Pregnancy has many different physical effects on women; in addition to adjusting to the increased weight of a growing baby, their bodies also change in other significant ways. Blood volume increases, and the heart works harder to distribute blood. Hormone levels change. The digestive tract, too, is affected by pregnancy, with the result that sour stomach is a common physical complaint.
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There are many reasons for sour stomach during pregnancy, most of which are hormone-driven. Explains Dr. Miriam Stoppard in her book, "Conception, Pregnancy and Birth," a pregnant woman's digestive tract slows significantly, so as to extract every bit of nutrition from the food she eats. This means food sits in her stomach for a longer period, which can result in an uncomfortable sensation of fullness, a stomachache, or simply the sensation of sour stomach.
Sour stomach and stomach discomfort aren't necessarily limited to sensations coming from the stomach itself. Pregnant women can actually feel discomfort all along the digestive tract. Particularly late in pregnancy, it can be quite difficult to determine whether an unpleasant sensation is coming from the stomach or from the intestines or esophagus. In their book, "You: Having A Baby," Drs. Michael Roizen and Mehmet Oz explain that late in pregnancy, babies push their mothers' digestive organs far away from their normal locations, somewhat confounding abdominal sensation.
Sour stomach can even be the way in which certain women experience morning sickness. Heidi Murkoff and Sharon Mazel, in their book, "What To Expect When You're Expecting," point out that not all women experience morning sickness in the same way. Some vomit, while others feel faintly seasick. Still others might have the sensation that something just "isn't right" in their stomachs. Most women, Murkoff and Mazel point out, get some relief from morning sickness by the end of the first trimester.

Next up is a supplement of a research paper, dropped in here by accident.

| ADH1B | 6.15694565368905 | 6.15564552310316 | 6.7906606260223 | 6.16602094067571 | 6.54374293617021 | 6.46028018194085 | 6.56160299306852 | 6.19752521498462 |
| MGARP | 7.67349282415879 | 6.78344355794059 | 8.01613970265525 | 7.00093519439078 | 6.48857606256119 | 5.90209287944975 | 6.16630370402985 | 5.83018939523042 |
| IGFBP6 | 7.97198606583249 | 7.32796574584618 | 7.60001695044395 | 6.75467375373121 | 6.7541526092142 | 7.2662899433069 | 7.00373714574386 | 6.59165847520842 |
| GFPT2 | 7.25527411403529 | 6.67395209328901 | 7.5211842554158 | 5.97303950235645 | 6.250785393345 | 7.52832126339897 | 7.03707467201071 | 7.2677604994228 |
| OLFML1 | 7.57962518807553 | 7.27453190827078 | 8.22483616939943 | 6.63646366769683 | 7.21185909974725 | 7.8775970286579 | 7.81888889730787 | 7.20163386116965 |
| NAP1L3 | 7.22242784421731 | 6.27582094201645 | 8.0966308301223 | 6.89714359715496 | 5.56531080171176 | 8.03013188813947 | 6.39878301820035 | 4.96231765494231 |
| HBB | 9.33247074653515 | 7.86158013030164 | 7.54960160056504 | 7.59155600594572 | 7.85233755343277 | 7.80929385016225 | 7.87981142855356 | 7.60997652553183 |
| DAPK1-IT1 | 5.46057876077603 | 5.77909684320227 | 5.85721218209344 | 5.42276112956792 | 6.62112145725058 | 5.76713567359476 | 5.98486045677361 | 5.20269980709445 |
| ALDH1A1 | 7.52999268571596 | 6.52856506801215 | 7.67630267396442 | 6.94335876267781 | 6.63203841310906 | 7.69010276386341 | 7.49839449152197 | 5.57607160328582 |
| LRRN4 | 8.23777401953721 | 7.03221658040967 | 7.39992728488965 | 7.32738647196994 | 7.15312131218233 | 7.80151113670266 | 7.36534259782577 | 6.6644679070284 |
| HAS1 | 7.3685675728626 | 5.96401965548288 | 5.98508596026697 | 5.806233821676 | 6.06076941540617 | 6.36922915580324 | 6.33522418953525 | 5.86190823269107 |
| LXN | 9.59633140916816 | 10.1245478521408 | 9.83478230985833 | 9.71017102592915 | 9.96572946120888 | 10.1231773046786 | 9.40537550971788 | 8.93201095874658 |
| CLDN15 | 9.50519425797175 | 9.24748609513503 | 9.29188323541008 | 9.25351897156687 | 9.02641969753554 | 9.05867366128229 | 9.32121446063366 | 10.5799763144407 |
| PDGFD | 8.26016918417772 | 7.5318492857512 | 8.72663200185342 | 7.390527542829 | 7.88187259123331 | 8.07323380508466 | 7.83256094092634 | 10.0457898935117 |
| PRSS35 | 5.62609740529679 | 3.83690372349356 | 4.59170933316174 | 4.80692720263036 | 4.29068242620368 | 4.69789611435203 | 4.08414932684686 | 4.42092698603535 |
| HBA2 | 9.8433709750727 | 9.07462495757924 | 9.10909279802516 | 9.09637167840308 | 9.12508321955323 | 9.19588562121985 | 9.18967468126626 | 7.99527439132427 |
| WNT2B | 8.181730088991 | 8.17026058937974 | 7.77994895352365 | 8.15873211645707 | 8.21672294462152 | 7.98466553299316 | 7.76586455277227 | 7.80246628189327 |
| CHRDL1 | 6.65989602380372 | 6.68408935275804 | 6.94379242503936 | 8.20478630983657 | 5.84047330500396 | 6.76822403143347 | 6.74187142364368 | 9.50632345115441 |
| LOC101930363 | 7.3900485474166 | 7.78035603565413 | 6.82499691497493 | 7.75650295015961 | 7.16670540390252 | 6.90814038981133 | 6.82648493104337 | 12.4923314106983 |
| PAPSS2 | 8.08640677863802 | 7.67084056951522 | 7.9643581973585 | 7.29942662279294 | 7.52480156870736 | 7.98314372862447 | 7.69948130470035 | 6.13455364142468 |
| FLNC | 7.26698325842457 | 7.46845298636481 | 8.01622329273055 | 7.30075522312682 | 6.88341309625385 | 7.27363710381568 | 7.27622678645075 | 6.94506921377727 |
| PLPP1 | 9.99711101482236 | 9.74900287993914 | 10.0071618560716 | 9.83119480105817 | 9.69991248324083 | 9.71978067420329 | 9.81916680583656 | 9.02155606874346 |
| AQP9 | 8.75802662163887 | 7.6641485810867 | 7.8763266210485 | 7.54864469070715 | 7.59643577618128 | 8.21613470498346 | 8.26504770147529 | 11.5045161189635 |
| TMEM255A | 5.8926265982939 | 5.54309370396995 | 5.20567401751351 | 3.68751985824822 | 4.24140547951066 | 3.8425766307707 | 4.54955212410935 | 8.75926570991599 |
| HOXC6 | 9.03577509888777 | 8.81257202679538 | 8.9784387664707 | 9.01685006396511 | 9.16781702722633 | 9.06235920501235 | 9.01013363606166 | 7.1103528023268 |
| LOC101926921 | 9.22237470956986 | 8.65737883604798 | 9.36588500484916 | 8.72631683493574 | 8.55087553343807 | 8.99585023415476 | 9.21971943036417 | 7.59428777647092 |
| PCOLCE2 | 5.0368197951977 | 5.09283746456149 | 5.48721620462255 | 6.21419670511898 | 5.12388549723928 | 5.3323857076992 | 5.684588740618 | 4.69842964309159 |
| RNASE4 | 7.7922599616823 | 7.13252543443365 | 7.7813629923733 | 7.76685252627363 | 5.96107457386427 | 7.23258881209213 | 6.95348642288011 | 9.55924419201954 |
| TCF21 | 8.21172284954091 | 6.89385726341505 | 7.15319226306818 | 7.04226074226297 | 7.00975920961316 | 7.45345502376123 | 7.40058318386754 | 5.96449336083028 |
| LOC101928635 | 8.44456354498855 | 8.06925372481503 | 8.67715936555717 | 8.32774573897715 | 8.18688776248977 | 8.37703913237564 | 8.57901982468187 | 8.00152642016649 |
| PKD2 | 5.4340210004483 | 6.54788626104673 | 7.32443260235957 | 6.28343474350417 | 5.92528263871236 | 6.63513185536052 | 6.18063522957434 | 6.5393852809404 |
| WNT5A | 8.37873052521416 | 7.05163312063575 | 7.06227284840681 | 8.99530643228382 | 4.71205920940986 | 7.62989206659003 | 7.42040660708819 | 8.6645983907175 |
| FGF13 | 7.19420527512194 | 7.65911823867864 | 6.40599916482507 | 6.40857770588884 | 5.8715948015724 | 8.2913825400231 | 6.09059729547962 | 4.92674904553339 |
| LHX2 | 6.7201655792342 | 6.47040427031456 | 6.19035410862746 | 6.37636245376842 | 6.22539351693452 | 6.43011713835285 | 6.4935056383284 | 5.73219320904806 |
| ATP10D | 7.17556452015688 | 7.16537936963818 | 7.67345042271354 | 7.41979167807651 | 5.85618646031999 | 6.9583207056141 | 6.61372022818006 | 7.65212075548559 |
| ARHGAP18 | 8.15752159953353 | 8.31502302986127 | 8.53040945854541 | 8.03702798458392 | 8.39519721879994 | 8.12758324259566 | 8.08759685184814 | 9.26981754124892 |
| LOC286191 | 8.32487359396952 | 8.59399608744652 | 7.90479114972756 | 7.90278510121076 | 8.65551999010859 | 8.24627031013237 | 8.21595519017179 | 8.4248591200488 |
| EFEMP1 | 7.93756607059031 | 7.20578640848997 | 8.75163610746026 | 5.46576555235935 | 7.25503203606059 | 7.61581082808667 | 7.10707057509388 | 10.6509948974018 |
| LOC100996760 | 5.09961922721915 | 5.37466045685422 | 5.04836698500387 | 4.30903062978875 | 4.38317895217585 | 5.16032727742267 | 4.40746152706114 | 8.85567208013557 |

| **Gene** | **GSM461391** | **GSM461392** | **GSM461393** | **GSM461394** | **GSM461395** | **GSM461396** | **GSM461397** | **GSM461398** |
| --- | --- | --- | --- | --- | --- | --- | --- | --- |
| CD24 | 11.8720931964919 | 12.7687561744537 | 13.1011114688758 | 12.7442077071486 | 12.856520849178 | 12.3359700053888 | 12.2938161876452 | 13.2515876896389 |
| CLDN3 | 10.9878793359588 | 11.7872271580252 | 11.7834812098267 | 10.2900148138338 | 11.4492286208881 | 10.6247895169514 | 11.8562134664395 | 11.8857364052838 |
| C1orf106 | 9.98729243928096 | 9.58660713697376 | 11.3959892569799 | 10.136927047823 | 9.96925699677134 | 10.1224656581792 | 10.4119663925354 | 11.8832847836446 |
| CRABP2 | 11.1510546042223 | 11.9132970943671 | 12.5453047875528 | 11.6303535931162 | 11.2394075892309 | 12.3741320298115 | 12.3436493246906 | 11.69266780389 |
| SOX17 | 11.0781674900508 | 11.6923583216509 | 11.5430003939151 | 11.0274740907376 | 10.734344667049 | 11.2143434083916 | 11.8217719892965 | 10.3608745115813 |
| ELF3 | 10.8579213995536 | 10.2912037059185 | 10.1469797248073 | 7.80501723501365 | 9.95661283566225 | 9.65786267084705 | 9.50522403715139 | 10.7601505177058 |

Tthere are several potential remedies to sour stomach, depending on the likely cause. Most physicians consider herbal teas sold in the grocery store to be safe during pregnancy, note Roizen and Oz. As such, some women find chamomile tea to help in alleviating symptoms. Sour stomach due to intestinal gas or esophageal reflux is more difficult to treat, but eating small, frequent meals might help. Staying in a seated or standing position for some time after eating also might reduce unpleasant sensations.
Dr. Stoppard recommends that pregnant women always consult their obstetrician before taking any over-the-counter medication; many are safe during pregnancy, but some are not. Most physicians allow women to use certain gas relieving medications like Gas-X and antacids like Tums to treat symptoms of sour stomach, but it's always best to have a physician's blessing before resorting to pharmaceutical treatment of a physical complaint during pregnancy.
- “You: Having A Baby”; Michael Roizen, M.D. and Mehmet Oz, M.D.; 2009
- “What to Expect When You’re Expecting”; Heidi Murkoff and Sharon Mazel; 2008
- “Conception, Pregnancy and Birth”; Miriam Stoppard, M.D.; 2008